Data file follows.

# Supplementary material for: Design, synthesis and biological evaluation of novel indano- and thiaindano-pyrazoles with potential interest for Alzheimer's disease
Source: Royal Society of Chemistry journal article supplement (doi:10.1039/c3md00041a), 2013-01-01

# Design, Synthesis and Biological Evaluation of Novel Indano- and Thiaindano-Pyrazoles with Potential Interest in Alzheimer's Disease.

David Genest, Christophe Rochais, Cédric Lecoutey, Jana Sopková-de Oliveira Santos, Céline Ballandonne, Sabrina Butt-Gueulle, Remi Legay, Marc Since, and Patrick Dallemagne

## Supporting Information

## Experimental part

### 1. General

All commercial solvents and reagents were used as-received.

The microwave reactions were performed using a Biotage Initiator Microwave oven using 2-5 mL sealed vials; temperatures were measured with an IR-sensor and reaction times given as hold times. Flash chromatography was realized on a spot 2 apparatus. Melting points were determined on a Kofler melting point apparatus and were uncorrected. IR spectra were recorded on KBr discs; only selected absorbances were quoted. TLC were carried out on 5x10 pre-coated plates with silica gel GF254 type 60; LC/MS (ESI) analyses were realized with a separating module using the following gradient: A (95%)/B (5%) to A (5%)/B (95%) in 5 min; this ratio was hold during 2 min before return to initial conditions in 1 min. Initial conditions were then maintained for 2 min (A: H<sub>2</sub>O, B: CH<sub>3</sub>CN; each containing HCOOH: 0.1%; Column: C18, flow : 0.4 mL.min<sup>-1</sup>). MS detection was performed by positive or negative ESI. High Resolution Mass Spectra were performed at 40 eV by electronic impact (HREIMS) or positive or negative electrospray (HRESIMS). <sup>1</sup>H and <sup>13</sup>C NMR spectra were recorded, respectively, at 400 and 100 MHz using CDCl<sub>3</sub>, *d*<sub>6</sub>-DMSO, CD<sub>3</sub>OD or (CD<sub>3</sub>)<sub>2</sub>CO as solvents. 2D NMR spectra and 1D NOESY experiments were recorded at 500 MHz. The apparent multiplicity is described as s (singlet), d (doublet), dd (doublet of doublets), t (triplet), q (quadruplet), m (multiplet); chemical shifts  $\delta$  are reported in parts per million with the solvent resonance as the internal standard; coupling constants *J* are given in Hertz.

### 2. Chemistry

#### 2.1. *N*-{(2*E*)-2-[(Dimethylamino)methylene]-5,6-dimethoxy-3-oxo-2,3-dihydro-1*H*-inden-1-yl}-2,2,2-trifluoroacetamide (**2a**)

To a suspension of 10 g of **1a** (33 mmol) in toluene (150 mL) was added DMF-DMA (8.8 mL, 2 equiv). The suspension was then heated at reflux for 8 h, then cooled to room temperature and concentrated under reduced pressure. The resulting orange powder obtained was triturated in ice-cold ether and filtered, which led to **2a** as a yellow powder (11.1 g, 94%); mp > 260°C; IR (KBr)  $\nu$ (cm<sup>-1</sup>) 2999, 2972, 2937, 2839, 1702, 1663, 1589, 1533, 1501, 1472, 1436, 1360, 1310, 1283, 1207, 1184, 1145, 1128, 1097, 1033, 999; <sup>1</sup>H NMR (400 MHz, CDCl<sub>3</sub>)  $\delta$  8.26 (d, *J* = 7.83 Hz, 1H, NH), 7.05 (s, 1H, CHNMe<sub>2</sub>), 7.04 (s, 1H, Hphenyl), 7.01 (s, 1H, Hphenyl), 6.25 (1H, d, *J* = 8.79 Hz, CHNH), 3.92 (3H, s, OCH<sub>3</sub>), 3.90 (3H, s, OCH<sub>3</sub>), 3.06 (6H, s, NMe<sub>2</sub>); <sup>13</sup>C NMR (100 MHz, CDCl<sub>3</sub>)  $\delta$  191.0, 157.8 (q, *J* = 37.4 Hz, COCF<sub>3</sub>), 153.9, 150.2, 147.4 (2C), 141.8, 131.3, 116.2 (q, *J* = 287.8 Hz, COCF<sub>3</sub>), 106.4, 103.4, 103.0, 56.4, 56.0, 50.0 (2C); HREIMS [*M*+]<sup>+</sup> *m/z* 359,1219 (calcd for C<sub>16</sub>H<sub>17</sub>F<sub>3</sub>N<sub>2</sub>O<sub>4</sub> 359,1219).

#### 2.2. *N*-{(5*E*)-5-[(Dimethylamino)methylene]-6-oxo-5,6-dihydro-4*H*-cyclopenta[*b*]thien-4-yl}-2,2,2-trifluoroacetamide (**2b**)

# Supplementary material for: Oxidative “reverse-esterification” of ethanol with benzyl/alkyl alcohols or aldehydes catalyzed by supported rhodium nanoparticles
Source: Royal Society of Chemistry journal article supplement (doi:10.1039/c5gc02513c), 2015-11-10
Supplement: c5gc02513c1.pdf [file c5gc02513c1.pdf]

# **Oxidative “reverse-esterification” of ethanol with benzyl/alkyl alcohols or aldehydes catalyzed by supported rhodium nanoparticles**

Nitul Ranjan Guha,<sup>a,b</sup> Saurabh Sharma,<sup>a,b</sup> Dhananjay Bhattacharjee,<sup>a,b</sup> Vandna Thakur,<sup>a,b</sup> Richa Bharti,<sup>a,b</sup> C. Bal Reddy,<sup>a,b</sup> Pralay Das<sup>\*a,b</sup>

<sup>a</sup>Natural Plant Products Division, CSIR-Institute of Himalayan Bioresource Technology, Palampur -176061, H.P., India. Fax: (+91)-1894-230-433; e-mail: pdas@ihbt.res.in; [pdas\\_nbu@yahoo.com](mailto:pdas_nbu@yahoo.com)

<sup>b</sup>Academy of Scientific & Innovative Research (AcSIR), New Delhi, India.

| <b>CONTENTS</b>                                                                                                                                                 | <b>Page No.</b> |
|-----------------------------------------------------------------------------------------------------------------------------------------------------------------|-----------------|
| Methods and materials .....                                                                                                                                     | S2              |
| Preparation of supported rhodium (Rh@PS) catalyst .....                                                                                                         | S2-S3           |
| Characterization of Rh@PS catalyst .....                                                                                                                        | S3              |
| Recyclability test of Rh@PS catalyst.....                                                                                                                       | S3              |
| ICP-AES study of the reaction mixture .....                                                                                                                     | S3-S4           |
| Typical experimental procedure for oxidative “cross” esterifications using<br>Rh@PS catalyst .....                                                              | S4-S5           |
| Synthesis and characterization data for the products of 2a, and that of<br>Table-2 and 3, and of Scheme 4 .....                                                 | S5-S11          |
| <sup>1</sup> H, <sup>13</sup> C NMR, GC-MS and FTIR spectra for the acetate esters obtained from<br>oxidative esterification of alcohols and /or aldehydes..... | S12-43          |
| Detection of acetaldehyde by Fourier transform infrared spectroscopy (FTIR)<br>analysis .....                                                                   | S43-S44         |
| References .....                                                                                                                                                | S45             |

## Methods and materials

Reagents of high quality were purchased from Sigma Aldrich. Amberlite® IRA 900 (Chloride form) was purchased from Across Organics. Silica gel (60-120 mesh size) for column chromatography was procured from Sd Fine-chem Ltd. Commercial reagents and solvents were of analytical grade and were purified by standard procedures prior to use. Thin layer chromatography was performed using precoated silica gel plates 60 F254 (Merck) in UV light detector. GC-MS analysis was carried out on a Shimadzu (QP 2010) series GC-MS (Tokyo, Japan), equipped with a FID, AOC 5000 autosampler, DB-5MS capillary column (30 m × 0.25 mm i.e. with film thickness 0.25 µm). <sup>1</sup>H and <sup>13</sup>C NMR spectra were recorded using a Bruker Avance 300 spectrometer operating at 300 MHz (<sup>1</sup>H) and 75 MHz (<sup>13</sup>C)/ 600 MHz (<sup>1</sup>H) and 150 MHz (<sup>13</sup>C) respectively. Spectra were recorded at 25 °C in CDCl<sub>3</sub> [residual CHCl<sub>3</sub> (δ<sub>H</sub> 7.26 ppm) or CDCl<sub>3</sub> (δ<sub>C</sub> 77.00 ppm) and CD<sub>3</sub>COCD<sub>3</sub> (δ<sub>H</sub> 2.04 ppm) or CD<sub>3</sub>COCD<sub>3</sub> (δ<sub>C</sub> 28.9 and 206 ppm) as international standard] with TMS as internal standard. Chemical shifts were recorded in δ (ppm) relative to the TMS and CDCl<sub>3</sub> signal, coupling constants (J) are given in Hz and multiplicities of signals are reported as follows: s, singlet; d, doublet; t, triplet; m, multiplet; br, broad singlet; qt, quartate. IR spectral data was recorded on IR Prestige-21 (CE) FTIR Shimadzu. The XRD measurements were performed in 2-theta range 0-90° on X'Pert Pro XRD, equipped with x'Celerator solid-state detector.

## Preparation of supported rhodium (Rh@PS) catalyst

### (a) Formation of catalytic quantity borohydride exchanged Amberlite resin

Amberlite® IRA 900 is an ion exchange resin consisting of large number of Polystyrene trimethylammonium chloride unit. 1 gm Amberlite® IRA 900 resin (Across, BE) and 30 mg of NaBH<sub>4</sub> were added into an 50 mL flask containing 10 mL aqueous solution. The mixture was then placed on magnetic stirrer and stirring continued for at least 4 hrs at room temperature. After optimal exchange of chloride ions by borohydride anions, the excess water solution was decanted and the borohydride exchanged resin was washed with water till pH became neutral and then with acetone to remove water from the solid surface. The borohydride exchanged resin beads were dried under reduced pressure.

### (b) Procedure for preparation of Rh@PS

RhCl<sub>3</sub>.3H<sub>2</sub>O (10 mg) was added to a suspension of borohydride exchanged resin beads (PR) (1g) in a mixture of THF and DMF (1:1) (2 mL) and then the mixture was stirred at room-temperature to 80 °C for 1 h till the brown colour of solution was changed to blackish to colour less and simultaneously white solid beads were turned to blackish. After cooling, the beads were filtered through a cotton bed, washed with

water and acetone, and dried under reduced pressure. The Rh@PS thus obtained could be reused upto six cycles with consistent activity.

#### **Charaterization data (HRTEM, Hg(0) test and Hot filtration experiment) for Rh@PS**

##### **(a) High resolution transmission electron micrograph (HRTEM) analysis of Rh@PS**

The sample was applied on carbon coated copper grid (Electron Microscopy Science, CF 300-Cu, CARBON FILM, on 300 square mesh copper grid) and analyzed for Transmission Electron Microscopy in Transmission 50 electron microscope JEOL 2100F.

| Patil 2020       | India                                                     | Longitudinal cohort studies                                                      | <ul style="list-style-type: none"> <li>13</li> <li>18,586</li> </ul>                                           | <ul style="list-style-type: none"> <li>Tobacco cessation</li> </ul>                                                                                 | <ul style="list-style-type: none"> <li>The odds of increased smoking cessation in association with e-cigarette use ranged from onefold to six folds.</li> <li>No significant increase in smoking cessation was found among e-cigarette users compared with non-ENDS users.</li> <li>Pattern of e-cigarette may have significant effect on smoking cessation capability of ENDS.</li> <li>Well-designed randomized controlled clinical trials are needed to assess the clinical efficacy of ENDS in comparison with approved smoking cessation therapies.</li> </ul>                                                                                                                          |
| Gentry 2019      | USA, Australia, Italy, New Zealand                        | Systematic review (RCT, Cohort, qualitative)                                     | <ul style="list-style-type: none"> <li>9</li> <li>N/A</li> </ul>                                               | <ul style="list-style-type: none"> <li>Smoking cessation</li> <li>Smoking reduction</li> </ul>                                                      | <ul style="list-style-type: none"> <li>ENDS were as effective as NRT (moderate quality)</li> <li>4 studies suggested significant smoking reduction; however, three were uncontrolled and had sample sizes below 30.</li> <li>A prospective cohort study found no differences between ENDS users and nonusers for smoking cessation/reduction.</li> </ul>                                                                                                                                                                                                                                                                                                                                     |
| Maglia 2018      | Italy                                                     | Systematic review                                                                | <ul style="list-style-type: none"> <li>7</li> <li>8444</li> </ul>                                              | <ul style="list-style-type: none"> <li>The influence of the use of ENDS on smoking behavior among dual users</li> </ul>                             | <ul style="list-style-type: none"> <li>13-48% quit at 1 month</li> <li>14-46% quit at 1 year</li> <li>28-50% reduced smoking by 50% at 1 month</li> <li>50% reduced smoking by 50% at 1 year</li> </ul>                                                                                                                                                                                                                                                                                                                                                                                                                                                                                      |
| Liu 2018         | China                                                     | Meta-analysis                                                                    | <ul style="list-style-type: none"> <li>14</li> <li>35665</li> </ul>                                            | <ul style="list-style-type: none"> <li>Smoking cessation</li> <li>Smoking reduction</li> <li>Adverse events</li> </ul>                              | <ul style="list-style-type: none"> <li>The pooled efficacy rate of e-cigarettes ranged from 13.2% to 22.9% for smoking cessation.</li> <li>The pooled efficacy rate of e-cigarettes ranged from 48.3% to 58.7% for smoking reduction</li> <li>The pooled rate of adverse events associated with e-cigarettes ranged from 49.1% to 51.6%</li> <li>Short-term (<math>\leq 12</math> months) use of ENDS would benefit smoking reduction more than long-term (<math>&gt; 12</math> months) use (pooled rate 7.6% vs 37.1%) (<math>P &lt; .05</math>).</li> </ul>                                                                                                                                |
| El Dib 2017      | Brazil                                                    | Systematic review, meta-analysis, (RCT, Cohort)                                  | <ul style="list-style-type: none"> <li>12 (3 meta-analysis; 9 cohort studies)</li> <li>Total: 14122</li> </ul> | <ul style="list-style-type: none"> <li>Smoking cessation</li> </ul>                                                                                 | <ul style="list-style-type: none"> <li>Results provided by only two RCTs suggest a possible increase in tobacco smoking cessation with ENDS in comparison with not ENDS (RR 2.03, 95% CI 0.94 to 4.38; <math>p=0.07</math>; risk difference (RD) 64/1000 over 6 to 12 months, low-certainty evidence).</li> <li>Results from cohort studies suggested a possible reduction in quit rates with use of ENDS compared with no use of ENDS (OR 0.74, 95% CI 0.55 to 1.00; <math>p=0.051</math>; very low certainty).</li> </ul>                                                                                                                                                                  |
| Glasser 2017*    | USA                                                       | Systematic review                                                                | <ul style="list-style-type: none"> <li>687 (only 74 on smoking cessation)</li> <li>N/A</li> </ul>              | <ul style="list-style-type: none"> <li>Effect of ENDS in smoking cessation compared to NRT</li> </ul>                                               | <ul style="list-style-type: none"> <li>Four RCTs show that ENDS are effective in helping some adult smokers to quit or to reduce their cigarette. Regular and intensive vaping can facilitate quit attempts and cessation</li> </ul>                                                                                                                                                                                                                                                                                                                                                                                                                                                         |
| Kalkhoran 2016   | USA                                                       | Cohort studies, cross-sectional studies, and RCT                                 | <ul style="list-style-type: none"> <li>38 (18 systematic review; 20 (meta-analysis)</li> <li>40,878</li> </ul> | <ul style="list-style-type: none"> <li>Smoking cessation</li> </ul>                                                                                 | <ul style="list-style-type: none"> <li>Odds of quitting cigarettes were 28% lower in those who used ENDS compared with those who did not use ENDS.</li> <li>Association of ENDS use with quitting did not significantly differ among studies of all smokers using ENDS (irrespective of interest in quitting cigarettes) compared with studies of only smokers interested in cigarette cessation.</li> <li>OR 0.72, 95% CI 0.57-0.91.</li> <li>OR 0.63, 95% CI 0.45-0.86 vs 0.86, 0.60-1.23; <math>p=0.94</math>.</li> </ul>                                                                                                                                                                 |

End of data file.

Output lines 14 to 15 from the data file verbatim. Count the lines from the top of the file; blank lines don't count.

# Supplementary material for: Oxidative “reverse-esterification” of ethanol with benzyl/alkyl alcohols or aldehydes catalyzed by supported rhodium nanoparticles
Source: Royal Society of Chemistry journal article supplement (doi:10.1039/c5gc02513c), 2015-11-10